for everyone whose sick of sudo read this
ulist at gs1.ubuntuforums.org
Sun Jul 3 16:45:28 UTC 2005
As a long time user of Linux, I was quite confused after installing
Ubuntu - it took me a few hours to figure out what was going on with
the whole sudo/root thing. If Ubuntu is going to do something
radically different like change the nature of the root user (from every
other distro I've ever used), it should be much more clear up front
during the installation.
It appears that Ubuntu tried to tackle the issue that many new users to
Linux would simply use the root account as their personal account
because it was often inconvenient to do routine system maintenance
However, I think there's often a tendency to go a bit overboard about
using root - as displayed by this thread. It starts to sound like some
1950's American propaganda film - and it's obvious that some of the
posters are just regurgitating what they've read from some other
*nix has its origin in a multi-user environment, often involving dozens
if not hundreds of users. With so many remote and sometimes unknown
logins, security is obviously an issue. But the reality is that most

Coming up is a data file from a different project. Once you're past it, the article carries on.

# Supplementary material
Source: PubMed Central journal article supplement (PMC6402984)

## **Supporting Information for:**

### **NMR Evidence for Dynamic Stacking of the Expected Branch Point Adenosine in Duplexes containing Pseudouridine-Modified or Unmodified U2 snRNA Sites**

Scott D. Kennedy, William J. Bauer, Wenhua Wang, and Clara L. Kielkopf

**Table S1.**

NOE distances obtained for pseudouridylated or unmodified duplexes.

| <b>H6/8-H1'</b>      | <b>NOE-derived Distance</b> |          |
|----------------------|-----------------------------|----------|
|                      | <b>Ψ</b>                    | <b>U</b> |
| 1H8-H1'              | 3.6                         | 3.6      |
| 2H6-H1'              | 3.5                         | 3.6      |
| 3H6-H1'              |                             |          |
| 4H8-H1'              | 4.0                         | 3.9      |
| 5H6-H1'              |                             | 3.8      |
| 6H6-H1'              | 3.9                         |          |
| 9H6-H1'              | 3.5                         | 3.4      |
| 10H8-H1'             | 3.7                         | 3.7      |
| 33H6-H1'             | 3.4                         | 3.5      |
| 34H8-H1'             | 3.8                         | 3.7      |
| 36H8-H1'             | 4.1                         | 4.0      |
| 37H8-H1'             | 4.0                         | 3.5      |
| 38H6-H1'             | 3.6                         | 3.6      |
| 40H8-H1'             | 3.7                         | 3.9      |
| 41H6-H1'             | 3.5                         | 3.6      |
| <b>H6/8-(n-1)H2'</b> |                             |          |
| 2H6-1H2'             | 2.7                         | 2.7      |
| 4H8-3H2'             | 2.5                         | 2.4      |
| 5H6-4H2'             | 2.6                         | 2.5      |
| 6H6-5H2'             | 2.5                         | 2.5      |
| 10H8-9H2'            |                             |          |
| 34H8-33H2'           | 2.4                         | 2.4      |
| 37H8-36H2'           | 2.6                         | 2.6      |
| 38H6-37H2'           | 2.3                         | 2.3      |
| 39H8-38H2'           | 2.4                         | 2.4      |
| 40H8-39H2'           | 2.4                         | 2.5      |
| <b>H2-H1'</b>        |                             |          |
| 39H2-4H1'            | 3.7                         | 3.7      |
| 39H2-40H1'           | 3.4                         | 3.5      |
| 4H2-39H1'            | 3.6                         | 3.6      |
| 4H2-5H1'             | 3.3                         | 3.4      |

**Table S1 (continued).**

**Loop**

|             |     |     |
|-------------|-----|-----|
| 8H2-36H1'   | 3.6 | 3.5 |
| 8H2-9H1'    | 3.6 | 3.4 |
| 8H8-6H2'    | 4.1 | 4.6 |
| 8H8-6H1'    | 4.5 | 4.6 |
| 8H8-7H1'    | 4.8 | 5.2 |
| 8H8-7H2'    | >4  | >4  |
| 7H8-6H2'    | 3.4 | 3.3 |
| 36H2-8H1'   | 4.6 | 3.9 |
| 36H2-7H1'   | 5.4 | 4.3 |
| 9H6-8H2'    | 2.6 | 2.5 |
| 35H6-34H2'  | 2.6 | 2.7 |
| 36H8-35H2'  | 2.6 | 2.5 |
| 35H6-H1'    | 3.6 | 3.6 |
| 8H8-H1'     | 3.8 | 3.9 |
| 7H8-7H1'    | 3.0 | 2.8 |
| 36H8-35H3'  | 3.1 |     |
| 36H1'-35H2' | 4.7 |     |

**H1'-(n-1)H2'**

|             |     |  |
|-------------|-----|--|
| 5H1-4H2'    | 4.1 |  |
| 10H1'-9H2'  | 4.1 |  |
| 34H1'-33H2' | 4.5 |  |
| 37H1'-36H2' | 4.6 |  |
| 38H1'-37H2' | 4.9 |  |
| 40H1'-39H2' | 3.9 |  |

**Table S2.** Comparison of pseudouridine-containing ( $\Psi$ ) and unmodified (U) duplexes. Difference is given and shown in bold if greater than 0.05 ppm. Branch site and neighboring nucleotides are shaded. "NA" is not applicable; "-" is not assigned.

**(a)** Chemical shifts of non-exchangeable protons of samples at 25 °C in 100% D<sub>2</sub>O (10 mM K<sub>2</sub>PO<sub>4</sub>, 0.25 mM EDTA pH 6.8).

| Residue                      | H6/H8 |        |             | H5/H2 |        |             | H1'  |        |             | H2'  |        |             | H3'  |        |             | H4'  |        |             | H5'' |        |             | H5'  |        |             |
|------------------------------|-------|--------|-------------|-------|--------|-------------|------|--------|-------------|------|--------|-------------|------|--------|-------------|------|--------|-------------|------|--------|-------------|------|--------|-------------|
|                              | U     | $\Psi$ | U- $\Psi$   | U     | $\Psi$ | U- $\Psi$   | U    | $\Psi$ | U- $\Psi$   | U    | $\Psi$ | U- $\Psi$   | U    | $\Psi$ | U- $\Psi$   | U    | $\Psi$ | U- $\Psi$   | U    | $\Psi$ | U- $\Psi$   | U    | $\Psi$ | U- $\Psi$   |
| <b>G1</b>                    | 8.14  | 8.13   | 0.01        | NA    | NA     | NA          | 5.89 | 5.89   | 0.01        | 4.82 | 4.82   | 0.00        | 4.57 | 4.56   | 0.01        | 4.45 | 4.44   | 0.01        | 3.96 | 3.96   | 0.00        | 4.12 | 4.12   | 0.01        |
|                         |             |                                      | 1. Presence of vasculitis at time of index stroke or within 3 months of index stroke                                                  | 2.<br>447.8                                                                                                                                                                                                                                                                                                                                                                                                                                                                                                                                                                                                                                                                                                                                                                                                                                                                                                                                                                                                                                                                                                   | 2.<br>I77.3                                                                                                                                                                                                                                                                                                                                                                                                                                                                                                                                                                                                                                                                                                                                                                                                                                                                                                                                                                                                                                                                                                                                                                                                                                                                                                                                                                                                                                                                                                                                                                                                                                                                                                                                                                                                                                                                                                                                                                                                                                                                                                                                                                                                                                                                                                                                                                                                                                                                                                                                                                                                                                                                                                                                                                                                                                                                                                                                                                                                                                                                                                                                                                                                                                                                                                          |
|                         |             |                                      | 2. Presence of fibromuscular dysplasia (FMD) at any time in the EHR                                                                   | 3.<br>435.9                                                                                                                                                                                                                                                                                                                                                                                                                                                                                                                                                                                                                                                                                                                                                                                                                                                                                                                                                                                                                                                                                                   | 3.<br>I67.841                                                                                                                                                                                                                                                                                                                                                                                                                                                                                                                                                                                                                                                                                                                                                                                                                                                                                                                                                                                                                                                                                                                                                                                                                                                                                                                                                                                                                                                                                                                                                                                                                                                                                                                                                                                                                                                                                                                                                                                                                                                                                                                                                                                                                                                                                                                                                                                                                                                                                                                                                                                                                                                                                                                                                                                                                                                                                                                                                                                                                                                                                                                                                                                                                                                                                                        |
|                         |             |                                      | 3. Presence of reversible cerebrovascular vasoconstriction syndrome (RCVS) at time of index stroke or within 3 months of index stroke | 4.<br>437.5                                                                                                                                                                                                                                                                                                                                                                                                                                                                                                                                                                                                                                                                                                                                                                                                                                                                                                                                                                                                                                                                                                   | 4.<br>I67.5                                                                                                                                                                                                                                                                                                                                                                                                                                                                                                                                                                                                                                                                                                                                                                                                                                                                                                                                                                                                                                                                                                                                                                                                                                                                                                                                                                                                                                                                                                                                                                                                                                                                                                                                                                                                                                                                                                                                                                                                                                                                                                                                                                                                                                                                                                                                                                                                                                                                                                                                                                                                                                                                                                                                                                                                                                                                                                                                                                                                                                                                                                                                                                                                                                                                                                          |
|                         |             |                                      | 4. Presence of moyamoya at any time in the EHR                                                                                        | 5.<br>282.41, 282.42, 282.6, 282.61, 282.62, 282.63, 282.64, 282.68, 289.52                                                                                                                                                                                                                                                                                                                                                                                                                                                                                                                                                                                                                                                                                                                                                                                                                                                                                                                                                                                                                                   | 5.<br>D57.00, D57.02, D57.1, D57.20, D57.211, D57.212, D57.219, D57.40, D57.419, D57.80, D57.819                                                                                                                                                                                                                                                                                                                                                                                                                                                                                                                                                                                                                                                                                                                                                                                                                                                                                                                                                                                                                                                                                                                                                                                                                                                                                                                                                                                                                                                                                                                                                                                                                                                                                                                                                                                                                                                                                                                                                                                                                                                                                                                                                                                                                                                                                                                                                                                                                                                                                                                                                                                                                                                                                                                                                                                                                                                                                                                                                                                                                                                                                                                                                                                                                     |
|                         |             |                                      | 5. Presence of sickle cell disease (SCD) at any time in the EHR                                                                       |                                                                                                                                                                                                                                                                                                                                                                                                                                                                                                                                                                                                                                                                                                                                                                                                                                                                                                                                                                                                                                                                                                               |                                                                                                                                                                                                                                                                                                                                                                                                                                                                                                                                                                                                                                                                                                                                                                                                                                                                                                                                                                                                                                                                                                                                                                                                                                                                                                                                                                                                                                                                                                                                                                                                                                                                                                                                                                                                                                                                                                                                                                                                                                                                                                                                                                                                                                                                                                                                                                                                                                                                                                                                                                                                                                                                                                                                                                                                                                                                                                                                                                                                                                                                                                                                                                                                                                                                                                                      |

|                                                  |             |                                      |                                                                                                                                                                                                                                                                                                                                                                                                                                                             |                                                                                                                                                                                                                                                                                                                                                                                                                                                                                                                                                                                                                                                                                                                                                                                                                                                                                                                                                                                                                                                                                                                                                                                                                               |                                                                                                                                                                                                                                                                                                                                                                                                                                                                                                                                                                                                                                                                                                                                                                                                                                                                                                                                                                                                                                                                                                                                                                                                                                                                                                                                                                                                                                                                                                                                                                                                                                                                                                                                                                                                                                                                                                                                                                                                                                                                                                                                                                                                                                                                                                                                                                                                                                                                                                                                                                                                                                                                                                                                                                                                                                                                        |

of the people using Ubuntu are just single (or family) users who just
want an alternative to Microsoft.
The idea that there's rarely a use for root is a complete Utopian Linux
fantasy. It's nice to see Ubuntu has made it less necessary to be a
root user than a lot of other distros, but the root user is a very
useful thing to have around for involved system administration.
The danger in Ubuntu, in my opinion, is that the user uses the password
so frequently for everyday tasks, that is soon becomes automatic to just
enter it in without thinking about it.
I'm not complaining about how Ubuntu uses root, but it really starts to
sound ridiculous the way some go on about how "bad" logging in as root
is. It's like any tool - learn how to use it, respect it, and have
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